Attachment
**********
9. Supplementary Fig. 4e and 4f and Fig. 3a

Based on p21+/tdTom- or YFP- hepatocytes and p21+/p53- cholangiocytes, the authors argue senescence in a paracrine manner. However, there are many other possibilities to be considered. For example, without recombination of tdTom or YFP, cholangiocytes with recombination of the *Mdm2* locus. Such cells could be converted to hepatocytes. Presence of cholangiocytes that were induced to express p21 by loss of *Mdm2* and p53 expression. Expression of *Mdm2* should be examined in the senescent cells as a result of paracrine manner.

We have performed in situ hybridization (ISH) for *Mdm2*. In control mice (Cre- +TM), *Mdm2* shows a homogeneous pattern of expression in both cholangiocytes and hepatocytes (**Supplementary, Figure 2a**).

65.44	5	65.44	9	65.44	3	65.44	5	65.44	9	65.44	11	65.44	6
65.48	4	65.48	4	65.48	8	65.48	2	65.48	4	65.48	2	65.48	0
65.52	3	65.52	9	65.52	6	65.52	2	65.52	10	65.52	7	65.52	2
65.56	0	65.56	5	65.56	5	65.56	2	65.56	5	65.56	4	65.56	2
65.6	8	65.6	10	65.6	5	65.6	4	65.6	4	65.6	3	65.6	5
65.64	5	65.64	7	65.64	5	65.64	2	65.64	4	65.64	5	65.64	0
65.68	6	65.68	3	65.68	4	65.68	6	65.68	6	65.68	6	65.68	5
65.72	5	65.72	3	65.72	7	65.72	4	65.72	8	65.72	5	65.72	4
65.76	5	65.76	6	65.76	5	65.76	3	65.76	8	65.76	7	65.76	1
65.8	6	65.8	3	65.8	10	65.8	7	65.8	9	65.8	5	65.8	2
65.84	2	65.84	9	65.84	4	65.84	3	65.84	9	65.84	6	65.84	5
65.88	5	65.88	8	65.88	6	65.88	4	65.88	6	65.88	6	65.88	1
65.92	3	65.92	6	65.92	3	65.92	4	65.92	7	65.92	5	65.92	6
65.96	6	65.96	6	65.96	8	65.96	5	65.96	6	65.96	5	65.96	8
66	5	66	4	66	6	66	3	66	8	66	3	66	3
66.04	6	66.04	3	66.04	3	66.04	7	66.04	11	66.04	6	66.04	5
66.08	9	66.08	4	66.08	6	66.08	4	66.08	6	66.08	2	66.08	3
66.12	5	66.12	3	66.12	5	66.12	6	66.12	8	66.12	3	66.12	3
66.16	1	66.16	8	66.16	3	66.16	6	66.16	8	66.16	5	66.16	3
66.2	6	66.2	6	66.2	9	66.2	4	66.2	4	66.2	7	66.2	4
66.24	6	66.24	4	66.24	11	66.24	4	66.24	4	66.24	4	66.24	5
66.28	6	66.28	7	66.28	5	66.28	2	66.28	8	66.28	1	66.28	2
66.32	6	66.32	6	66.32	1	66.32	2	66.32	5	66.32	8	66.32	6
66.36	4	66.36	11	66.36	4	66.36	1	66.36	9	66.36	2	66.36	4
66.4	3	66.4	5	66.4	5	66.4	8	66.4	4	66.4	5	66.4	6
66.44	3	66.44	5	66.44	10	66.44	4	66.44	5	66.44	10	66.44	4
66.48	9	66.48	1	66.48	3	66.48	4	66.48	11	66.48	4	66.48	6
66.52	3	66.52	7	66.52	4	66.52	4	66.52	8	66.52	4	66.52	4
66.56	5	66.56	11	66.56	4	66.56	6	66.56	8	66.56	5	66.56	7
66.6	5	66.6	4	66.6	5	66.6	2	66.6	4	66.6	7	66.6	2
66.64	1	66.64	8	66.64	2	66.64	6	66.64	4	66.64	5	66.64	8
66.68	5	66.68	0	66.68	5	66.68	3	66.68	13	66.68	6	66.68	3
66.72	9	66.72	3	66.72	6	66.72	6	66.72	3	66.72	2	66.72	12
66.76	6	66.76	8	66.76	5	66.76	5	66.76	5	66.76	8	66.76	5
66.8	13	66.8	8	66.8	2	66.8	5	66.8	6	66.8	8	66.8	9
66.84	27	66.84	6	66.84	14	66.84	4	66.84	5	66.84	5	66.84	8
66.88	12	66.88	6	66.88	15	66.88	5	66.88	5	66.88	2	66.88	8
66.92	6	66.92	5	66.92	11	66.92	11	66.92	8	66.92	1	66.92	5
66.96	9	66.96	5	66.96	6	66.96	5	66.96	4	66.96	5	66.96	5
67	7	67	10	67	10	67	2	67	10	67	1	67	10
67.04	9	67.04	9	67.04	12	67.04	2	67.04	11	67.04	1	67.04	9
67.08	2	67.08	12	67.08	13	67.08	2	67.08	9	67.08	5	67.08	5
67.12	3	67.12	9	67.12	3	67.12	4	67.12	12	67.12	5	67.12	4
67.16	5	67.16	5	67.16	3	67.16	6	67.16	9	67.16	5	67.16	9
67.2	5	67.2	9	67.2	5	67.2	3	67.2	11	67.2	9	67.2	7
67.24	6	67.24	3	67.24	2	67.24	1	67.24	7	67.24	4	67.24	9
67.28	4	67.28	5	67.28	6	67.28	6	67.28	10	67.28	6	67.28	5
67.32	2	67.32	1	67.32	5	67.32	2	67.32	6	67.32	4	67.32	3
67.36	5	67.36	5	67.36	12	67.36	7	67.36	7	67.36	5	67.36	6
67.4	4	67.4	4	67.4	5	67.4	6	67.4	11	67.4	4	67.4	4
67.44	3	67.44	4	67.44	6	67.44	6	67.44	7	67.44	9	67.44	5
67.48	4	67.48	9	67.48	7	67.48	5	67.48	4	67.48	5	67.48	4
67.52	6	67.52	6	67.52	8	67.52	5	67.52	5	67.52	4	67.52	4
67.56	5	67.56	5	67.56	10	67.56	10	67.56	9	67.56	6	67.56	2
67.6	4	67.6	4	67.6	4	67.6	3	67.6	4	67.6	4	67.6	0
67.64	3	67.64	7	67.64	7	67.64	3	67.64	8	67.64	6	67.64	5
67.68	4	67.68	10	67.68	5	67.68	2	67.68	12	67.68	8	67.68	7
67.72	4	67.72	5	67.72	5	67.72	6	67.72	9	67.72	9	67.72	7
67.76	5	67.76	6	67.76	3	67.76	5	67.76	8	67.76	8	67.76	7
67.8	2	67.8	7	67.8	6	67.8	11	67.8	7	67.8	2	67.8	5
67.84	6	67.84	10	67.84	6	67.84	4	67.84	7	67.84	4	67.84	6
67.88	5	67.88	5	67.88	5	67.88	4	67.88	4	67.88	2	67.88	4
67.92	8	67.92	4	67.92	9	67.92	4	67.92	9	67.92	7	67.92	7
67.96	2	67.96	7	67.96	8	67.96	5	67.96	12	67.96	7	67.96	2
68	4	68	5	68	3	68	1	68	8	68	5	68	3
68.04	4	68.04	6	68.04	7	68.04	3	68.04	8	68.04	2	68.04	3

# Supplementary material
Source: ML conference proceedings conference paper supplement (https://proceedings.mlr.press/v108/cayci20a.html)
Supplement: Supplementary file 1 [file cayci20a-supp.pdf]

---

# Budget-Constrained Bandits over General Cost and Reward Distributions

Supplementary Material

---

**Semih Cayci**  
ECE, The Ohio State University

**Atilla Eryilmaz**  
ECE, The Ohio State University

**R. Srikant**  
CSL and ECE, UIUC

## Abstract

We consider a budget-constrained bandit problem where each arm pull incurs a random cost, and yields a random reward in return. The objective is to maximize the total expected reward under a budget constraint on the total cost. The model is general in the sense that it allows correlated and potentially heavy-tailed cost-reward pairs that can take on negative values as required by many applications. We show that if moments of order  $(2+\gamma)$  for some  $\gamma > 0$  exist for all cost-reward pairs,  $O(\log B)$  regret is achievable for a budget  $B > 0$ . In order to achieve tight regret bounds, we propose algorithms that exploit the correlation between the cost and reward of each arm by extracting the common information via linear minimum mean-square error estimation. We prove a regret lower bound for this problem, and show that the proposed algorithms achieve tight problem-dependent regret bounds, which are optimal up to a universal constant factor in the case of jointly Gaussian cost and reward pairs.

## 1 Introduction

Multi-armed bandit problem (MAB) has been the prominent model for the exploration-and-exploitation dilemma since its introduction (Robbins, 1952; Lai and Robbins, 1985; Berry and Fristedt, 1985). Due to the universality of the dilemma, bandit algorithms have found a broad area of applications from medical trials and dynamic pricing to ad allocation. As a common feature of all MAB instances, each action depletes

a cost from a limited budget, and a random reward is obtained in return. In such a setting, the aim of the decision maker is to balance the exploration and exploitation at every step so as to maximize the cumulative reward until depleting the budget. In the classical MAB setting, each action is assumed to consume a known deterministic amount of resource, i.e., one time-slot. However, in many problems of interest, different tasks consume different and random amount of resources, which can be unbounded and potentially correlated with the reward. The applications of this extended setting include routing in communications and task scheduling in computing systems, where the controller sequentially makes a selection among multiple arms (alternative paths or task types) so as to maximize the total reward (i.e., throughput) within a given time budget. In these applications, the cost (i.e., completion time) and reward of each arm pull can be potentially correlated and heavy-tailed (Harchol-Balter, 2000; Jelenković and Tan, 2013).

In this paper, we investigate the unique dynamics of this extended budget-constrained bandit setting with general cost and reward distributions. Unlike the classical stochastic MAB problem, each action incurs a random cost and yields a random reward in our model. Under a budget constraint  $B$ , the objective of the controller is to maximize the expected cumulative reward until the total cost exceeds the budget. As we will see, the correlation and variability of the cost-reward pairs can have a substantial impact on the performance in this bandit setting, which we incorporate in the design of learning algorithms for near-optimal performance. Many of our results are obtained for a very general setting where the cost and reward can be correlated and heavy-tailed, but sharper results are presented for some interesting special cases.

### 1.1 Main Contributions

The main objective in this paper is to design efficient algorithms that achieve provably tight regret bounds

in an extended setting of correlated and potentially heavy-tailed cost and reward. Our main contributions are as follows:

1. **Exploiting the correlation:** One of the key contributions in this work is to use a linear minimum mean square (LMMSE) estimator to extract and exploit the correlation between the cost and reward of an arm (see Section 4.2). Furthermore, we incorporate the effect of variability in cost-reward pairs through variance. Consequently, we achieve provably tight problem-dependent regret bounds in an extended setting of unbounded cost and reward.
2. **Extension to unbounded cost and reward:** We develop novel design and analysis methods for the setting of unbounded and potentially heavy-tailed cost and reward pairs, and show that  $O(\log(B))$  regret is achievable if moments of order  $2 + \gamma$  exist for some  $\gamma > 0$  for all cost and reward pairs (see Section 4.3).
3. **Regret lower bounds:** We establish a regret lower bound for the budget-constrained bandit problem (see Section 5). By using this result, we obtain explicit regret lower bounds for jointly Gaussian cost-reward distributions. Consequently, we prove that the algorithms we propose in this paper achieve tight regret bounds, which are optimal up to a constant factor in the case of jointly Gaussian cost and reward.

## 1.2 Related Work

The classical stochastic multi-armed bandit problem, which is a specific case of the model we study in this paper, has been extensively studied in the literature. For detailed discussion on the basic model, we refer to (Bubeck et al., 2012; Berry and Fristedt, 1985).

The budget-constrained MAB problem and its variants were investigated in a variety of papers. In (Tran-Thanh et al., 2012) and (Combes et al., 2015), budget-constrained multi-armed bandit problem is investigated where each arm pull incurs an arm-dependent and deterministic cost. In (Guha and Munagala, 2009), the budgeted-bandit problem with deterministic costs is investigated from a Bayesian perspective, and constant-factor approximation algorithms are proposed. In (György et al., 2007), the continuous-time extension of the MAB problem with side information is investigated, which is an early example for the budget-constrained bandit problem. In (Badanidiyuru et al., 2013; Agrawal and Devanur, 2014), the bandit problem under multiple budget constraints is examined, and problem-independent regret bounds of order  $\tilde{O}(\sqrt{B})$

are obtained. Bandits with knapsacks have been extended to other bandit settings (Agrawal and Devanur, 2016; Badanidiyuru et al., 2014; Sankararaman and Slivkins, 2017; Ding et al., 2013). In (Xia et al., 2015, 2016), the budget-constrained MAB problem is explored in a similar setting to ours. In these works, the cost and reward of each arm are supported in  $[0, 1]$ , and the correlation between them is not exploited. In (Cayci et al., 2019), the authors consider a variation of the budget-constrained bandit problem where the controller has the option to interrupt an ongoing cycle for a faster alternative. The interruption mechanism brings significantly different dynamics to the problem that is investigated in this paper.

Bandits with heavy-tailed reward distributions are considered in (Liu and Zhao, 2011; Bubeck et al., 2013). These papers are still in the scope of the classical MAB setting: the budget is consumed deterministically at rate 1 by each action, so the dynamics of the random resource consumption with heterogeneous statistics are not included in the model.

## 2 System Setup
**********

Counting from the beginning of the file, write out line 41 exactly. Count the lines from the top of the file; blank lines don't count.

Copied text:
66.92	6	66.92	5	66.92	11	66.92	11	66.92	8	66.92	1	66.92	5